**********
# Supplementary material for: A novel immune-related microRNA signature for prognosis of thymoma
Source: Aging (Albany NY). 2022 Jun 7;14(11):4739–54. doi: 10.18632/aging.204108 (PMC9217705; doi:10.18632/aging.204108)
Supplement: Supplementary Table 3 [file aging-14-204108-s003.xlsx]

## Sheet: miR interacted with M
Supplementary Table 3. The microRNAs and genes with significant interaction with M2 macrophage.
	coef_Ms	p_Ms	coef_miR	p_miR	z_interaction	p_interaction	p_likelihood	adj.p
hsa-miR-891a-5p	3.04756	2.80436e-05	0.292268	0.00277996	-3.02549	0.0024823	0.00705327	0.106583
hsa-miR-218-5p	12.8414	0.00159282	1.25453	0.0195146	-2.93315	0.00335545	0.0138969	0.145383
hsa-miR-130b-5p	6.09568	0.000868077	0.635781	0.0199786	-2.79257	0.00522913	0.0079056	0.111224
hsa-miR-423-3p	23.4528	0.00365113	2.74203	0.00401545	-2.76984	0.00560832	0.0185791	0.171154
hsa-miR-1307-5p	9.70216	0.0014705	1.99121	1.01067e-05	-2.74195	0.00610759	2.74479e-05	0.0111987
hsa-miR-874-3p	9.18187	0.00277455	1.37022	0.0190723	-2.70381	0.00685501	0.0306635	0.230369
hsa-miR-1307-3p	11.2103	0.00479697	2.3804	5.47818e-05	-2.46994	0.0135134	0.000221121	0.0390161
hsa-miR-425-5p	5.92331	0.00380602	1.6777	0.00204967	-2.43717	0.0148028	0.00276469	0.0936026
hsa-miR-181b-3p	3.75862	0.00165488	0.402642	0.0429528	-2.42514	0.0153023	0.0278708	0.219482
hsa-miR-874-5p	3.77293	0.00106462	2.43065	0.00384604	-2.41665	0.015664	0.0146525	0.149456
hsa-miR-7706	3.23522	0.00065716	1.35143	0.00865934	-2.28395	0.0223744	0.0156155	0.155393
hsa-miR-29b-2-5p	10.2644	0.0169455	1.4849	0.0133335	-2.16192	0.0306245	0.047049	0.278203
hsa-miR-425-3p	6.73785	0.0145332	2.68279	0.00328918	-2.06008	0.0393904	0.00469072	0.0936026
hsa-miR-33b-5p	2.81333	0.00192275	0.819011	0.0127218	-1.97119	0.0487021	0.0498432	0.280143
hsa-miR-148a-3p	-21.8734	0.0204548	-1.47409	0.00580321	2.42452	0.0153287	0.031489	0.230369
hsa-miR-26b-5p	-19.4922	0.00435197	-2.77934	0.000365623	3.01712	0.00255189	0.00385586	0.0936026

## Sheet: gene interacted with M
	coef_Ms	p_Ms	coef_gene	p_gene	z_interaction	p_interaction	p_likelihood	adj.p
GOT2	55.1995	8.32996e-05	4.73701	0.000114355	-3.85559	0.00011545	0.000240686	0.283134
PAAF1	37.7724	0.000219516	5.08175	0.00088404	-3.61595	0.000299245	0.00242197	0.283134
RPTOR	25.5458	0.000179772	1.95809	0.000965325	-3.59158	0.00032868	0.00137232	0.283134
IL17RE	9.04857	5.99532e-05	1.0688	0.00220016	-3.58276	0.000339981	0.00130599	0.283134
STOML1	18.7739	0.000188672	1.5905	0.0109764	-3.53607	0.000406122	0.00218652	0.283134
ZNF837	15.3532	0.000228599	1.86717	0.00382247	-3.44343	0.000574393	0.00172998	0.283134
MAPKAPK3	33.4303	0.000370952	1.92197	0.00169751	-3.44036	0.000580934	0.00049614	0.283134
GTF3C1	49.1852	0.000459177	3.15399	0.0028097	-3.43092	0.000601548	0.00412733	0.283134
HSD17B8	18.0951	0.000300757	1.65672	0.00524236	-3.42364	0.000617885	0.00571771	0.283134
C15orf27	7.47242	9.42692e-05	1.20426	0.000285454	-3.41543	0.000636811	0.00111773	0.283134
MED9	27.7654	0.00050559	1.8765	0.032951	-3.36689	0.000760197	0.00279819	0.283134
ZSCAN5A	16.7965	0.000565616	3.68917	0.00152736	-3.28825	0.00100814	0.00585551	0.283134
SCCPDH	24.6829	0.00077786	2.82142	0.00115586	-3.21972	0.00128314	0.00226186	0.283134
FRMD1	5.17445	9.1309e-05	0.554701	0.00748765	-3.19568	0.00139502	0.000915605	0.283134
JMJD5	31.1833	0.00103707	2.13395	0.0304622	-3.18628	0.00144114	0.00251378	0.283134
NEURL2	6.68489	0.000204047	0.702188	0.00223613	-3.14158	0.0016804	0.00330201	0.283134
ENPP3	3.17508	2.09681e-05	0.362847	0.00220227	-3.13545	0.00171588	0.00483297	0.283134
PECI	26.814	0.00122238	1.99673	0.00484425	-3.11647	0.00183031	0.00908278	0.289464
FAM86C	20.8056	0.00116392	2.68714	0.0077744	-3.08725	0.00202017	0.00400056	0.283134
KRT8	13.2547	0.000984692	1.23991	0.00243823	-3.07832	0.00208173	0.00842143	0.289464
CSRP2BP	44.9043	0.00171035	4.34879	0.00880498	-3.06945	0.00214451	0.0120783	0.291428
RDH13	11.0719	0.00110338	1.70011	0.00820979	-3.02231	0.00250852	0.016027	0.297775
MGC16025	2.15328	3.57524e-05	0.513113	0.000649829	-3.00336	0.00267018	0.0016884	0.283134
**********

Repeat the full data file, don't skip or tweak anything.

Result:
# Supplementary material for: A novel immune-related microRNA signature for prognosis of thymoma
Source: Aging (Albany NY). 2022 Jun 7;14(11):4739–54. doi: 10.18632/aging.204108 (PMC9217705; doi:10.18632/aging.204108)
Supplement: Supplementary Table 3 [file aging-14-204108-s003.xlsx]

## Sheet: miR interacted with M
Supplementary Table 3. The microRNAs and genes with significant interaction with M2 macrophage.
	coef_Ms	p_Ms	coef_miR	p_miR	z_interaction	p_interaction	p_likelihood	adj.p
hsa-miR-891a-5p	3.04756	2.80436e-05	0.292268	0.00277996	-3.02549	0.0024823	0.00705327	0.106583
hsa-miR-218-5p	12.8414	0.00159282	1.25453	0.0195146	-2.93315	0.00335545	0.0138969	0.145383
hsa-miR-130b-5p	6.09568	0.000868077	0.635781	0.0199786	-2.79257	0.00522913	0.0079056	0.111224
hsa-miR-423-3p	23.4528	0.00365113	2.74203	0.00401545	-2.76984	0.00560832	0.0185791	0.171154
hsa-miR-1307-5p	9.70216	0.0014705	1.99121	1.01067e-05	-2.74195	0.00610759	2.74479e-05	0.0111987
hsa-miR-874-3p	9.18187	0.00277455	1.37022	0.0190723	-2.70381	0.00685501	0.0306635	0.230369
hsa-miR-1307-3p	11.2103	0.00479697	2.3804	5.47818e-05	-2.46994	0.0135134	0.000221121	0.0390161
hsa-miR-425-5p	5.92331	0.00380602	1.6777	0.00204967	-2.43717	0.0148028	0.00276469	0.0936026
hsa-miR-181b-3p	3.75862	0.00165488	0.402642	0.0429528	-2.42514	0.0153023	0.0278708	0.219482
hsa-miR-874-5p	3.77293	0.00106462	2.43065	0.00384604	-2.41665	0.015664	0.0146525	0.149456
hsa-miR-7706	3.23522	0.00065716	1.35143	0.00865934	-2.28395	0.0223744	0.0156155	0.155393
hsa-miR-29b-2-5p	10.2644	0.0169455	1.4849	0.0133335	-2.16192	0.0306245	0.047049	0.278203
hsa-miR-425-3p	6.73785	0.0145332	2.68279	0.00328918	-2.06008	0.0393904	0.00469072	0.0936026
hsa-miR-33b-5p	2.81333	0.00192275	0.819011	0.0127218	-1.97119	0.0487021	0.0498432	0.280143
hsa-miR-148a-3p	-21.8734	0.0204548	-1.47409	0.00580321	2.42452	0.0153287	0.031489	0.230369
hsa-miR-26b-5p	-19.4922	0.00435197	-2.77934	0.000365623	3.01712	0.00255189	0.00385586	0.0936026

## Sheet: gene interacted with M
	coef_Ms	p_Ms	coef_gene	p_gene	z_interaction	p_interaction	p_likelihood	adj.p
GOT2	55.1995	8.32996e-05	4.73701	0.000114355	-3.85559	0.00011545	0.000240686	0.283134
PAAF1	37.7724	0.000219516	5.08175	0.00088404	-3.61595	0.000299245	0.00242197	0.283134
RPTOR	25.5458	0.000179772	1.95809	0.000965325	-3.59158	0.00032868	0.00137232	0.283134
IL17RE	9.04857	5.99532e-05	1.0688	0.00220016	-3.58276	0.000339981	0.00130599	0.283134
STOML1	18.7739	0.000188672	1.5905	0.0109764	-3.53607	0.000406122	0.00218652	0.283134
ZNF837	15.3532	0.000228599	1.86717	0.00382247	-3.44343	0.000574393	0.00172998	0.283134
MAPKAPK3	33.4303	0.000370952	1.92197	0.00169751	-3.44036	0.000580934	0.00049614	0.283134
GTF3C1	49.1852	0.000459177	3.15399	0.0028097	-3.43092	0.000601548	0.00412733	0.283134
HSD17B8	18.0951	0.000300757	1.65672	0.00524236	-3.42364	0.000617885	0.00571771	0.283134
C15orf27	7.47242	9.42692e-05	1.20426	0.000285454	-3.41543	0.000636811	0.00111773	0.283134
MED9	27.7654	0.00050559	1.8765	0.032951	-3.36689	0.000760197	0.00279819	0.283134
ZSCAN5A	16.7965	0.000565616	3.68917	0.00152736	-3.28825	0.00100814	0.00585551	0.283134
SCCPDH	24.6829	0.00077786	2.82142	0.00115586	-3.21972	0.00128314	0.00226186	0.283134
FRMD1	5.17445	9.1309e-05	0.554701	0.00748765	-3.19568	0.00139502	0.000915605	0.283134
JMJD5	31.1833	0.00103707	2.13395	0.0304622	-3.18628	0.00144114	0.00251378	0.283134
NEURL2	6.68489	0.000204047	0.702188	0.00223613	-3.14158	0.0016804	0.00330201	0.283134
ENPP3	3.17508	2.09681e-05	0.362847	0.00220227	-3.13545	0.00171588	0.00483297	0.283134
PECI	26.814	0.00122238	1.99673	0.00484425	-3.11647	0.00183031	0.00908278	0.289464
FAM86C	20.8056	0.00116392	2.68714	0.0077744	-3.08725	0.00202017	0.00400056	0.283134
KRT8	13.2547	0.000984692	1.23991	0.00243823	-3.07832	0.00208173	0.00842143	0.289464
CSRP2BP	44.9043	0.00171035	4.34879	0.00880498	-3.06945	0.00214451	0.0120783	0.291428
RDH13	11.0719	0.00110338	1.70011	0.00820979	-3.02231	0.00250852	0.016027	0.297775
MGC16025	2.15328	3.57524e-05	0.513113	0.000649829	-3.00336	0.00267018	0.0016884	0.283134